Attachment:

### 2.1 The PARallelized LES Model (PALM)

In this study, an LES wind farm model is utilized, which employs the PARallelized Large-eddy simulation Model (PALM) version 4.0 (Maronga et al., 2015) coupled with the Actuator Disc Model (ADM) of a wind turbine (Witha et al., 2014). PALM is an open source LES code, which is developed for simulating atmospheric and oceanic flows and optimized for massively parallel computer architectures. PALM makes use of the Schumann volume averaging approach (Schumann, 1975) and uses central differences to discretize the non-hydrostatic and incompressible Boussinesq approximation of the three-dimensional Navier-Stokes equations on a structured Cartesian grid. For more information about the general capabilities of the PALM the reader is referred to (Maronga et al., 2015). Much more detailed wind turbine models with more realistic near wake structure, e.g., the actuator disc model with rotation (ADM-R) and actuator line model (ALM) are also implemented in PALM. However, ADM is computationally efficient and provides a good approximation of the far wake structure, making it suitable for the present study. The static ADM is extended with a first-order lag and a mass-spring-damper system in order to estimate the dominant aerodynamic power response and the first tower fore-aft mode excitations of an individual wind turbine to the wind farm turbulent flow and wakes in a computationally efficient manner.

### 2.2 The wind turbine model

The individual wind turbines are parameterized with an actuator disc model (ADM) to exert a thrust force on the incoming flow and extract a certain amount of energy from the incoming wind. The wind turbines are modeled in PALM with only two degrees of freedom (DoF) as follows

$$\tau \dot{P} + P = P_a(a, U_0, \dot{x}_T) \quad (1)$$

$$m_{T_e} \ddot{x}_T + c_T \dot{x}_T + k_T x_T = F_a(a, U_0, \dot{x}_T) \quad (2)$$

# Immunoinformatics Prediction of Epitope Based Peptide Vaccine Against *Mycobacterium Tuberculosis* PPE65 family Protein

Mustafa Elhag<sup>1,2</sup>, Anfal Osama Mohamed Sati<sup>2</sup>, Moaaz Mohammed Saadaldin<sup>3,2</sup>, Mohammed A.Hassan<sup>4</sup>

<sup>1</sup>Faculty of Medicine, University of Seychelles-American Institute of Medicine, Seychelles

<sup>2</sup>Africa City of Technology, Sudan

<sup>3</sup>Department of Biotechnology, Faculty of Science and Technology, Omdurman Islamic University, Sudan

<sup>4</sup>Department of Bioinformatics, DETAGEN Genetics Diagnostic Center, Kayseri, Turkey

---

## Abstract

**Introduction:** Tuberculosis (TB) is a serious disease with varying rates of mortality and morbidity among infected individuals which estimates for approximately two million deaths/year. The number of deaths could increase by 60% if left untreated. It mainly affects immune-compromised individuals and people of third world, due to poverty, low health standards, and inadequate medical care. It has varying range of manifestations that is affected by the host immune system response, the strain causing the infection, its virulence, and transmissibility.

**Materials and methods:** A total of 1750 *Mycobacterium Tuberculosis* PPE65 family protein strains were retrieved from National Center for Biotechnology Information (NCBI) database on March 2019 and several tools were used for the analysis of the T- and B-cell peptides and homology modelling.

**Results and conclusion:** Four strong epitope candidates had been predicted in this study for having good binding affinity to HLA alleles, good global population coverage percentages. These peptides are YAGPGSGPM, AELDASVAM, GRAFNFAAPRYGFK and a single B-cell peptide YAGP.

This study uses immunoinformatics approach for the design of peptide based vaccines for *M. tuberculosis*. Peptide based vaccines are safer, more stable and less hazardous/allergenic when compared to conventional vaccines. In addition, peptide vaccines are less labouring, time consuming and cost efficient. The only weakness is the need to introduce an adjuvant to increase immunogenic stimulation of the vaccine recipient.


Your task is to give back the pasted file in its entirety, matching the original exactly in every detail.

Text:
### 2.1 The PARallelized LES Model (PALM)

In this study, an LES wind farm model is utilized, which employs the PARallelized Large-eddy simulation Model (PALM) version 4.0 (Maronga et al., 2015) coupled with the Actuator Disc Model (ADM) of a wind turbine (Witha et al., 2014). PALM is an open source LES code, which is developed for simulating atmospheric and oceanic flows and optimized for massively parallel computer architectures. PALM makes use of the Schumann volume averaging approach (Schumann, 1975) and uses central differences to discretize the non-hydrostatic and incompressible Boussinesq approximation of the three-dimensional Navier-Stokes equations on a structured Cartesian grid. For more information about the general capabilities of the PALM the reader is referred to (Maronga et al., 2015). Much more detailed wind turbine models with more realistic near wake structure, e.g., the actuator disc model with rotation (ADM-R) and actuator line model (ALM) are also implemented in PALM. However, ADM is computationally efficient and provides a good approximation of the far wake structure, making it suitable for the present study. The static ADM is extended with a first-order lag and a mass-spring-damper system in order to estimate the dominant aerodynamic power response and the first tower fore-aft mode excitations of an individual wind turbine to the wind farm turbulent flow and wakes in a computationally efficient manner.

### 2.2 The wind turbine model

The individual wind turbines are parameterized with an actuator disc model (ADM) to exert a thrust force on the incoming flow and extract a certain amount of energy from the incoming wind. The wind turbines are modeled in PALM with only two degrees of freedom (DoF) as follows

$$\tau \dot{P} + P = P_a(a, U_0, \dot{x}_T) \quad (1)$$

$$m_{T_e} \ddot{x}_T + c_T \dot{x}_T + k_T x_T = F_a(a, U_0, \dot{x}_T) \quad (2)$$

# Immunoinformatics Prediction of Epitope Based Peptide Vaccine Against *Mycobacterium Tuberculosis* PPE65 family Protein

Mustafa Elhag<sup>1,2</sup>, Anfal Osama Mohamed Sati<sup>2</sup>, Moaaz Mohammed Saadaldin<sup>3,2</sup>, Mohammed A.Hassan<sup>4</sup>

<sup>1</sup>Faculty of Medicine, University of Seychelles-American Institute of Medicine, Seychelles

<sup>2</sup>Africa City of Technology, Sudan

<sup>3</sup>Department of Biotechnology, Faculty of Science and Technology, Omdurman Islamic University, Sudan

<sup>4</sup>Department of Bioinformatics, DETAGEN Genetics Diagnostic Center, Kayseri, Turkey

---

## Abstract

**Introduction:** Tuberculosis (TB) is a serious disease with varying rates of mortality and morbidity among infected individuals which estimates for approximately two million deaths/year. The number of deaths could increase by 60% if left untreated. It mainly affects immune-compromised individuals and people of third world, due to poverty, low health standards, and inadequate medical care. It has varying range of manifestations that is affected by the host immune system response, the strain causing the infection, its virulence, and transmissibility.

**Materials and methods:** A total of 1750 *Mycobacterium Tuberculosis* PPE65 family protein strains were retrieved from National Center for Biotechnology Information (NCBI) database on March 2019 and several tools were used for the analysis of the T- and B-cell peptides and homology modelling.

**Results and conclusion:** Four strong epitope candidates had been predicted in this study for having good binding affinity to HLA alleles, good global population coverage percentages. These peptides are YAGPGSGPM, AELDASVAM, GRAFNFAAPRYGFK and a single B-cell peptide YAGP.

This study uses immunoinformatics approach for the design of peptide based vaccines for *M. tuberculosis*. Peptide based vaccines are safer, more stable and less hazardous/allergenic when compared to conventional vaccines. In addition, peptide vaccines are less labouring, time consuming and cost efficient. The only weakness is the need to introduce an adjuvant to increase immunogenic stimulation of the vaccine recipient.